Figure 3

Renesas did this by optimising the smallest unit of a microcontroller – the transistor. The total current consumption of a transistor is the sum of its dynamic and the static currents: The static currents are determined by leakage currents which flow as soon as power is applied to the transistor.
The dynamic current flows during switching of transistors, that is, when it changes its logical state (1 or 0).
These currents are determined by the internal capacities of the transistors.
Renesas has succeeded in reducing both by modifying the physical structure of the transistor. The internal transistor capacity was reduced by alteration of the oxide material, and by adapting the transistor geometry, the leakage current could be reduced by a factor of 10. These changes also resulted in higher operating frequencies.

Energy Saving Network Power Management (ES-NP)

In addition, Renesas has optimised the microcontroller digital structure in such a way that maximum current saving modes can be utilised (refer to figure 3), while at the same time the microcontroller can still react to external signals. This is totally taken care of by intelligent IPs (Peripherals) without any CPU interaction. Although in STOP mode the CPU is sleeping, the CAN-IP can participate in the network communication by itself in this configuration. The integrated intelligent message filters wake-up the CPU when a dedicated message type – which is configurable – is detected. Since here the microcontroller is only in STOP mode, it is only a matter of microseconds to execute a warm-start. After wake-up, the CPU can retrieve the message detected by the filter from the CAN-IP and process it.
This configuration is optimal for realising the “Pretended Network Level 2”: Renesas has tested this configuration in a real application and has thereby achieved an average current consumption of 1.58mA. With such a configuration the current consumption of a control unit which previously constantly consumed 105mA, has been reduced to a bare 6.5mA in current saving mode.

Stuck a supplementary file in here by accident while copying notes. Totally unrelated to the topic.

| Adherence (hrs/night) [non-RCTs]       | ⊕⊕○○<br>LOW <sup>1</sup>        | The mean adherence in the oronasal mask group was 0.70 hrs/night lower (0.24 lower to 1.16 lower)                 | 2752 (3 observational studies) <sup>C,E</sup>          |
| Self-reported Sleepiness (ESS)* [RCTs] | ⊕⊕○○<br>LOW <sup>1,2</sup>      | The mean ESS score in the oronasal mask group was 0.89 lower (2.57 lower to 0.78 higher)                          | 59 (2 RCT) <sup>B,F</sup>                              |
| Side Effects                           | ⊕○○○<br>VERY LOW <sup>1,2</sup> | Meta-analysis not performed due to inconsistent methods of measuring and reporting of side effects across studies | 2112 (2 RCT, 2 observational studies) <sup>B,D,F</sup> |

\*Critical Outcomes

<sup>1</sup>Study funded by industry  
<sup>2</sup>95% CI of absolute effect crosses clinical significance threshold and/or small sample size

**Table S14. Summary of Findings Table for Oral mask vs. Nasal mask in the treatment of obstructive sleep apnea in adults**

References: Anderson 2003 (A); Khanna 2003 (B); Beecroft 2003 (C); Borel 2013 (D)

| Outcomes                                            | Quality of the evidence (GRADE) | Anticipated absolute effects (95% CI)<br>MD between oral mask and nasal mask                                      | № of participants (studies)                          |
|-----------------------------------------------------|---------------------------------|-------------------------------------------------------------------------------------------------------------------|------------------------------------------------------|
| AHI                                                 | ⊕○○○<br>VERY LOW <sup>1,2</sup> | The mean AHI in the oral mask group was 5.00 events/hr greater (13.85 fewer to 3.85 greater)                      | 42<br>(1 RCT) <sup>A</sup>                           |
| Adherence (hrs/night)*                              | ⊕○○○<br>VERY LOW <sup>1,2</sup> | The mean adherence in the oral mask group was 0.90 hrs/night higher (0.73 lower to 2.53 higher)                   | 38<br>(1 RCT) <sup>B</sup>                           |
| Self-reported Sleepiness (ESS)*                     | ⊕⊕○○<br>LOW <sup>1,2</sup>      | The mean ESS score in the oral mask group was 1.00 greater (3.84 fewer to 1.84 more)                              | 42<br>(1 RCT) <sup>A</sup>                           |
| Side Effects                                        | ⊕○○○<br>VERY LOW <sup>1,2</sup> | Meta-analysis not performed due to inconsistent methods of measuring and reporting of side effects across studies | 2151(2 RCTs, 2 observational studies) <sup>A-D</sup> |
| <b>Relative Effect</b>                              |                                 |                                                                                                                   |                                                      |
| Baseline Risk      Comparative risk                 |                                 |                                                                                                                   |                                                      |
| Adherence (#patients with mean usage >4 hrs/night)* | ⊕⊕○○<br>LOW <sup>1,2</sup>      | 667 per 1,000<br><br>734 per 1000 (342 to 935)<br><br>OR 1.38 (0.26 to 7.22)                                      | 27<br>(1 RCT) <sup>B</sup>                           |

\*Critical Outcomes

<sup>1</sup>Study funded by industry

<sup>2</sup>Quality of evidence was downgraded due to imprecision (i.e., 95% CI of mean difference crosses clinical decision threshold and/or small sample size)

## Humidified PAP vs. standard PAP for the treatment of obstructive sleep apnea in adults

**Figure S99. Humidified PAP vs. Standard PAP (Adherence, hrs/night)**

This translates into a reduction by 94%. There are no additional costs, no other control unit in network must be renewed and the control units wake-up from their current saving mode in a very short time.
The same configuration, with similar current consumption reduction can also be used to emulate the “Standby Mode” of a Partial Network. Though, in such case, one must live with the disadvantages of a Partial Network described above and that e.g. all network control units which are supposed to support the “Standby Mode” – must be adapted.

Figure 4

Conclusion and Outlook

There are many ways to reduce the current consumption and with that to reduce the CO2 emission. Renesas is of the opinion that an approach combining the latest microcontroller technology with the Pretended Network is the most efficient and the least risky way to reduce the current consumption of control units in cars with reasonable costs (refer to figure 4).
A similar higher demand would also trigger a further development of the last remaining large load; the CAN transceiver with its 5mA accounts for almost 80% of the standby current. With contemporary 0.5mA, control units with standby currents of 2mA in Pretended Network while still retaining all the advantages would then be feasible.
Already today, Renesas automotive series RH850/F1x microcontrollers offer full functionality with 50% less current consumption and the current saving in Pretended- or Partial Network applications is even higher, namely above 90%.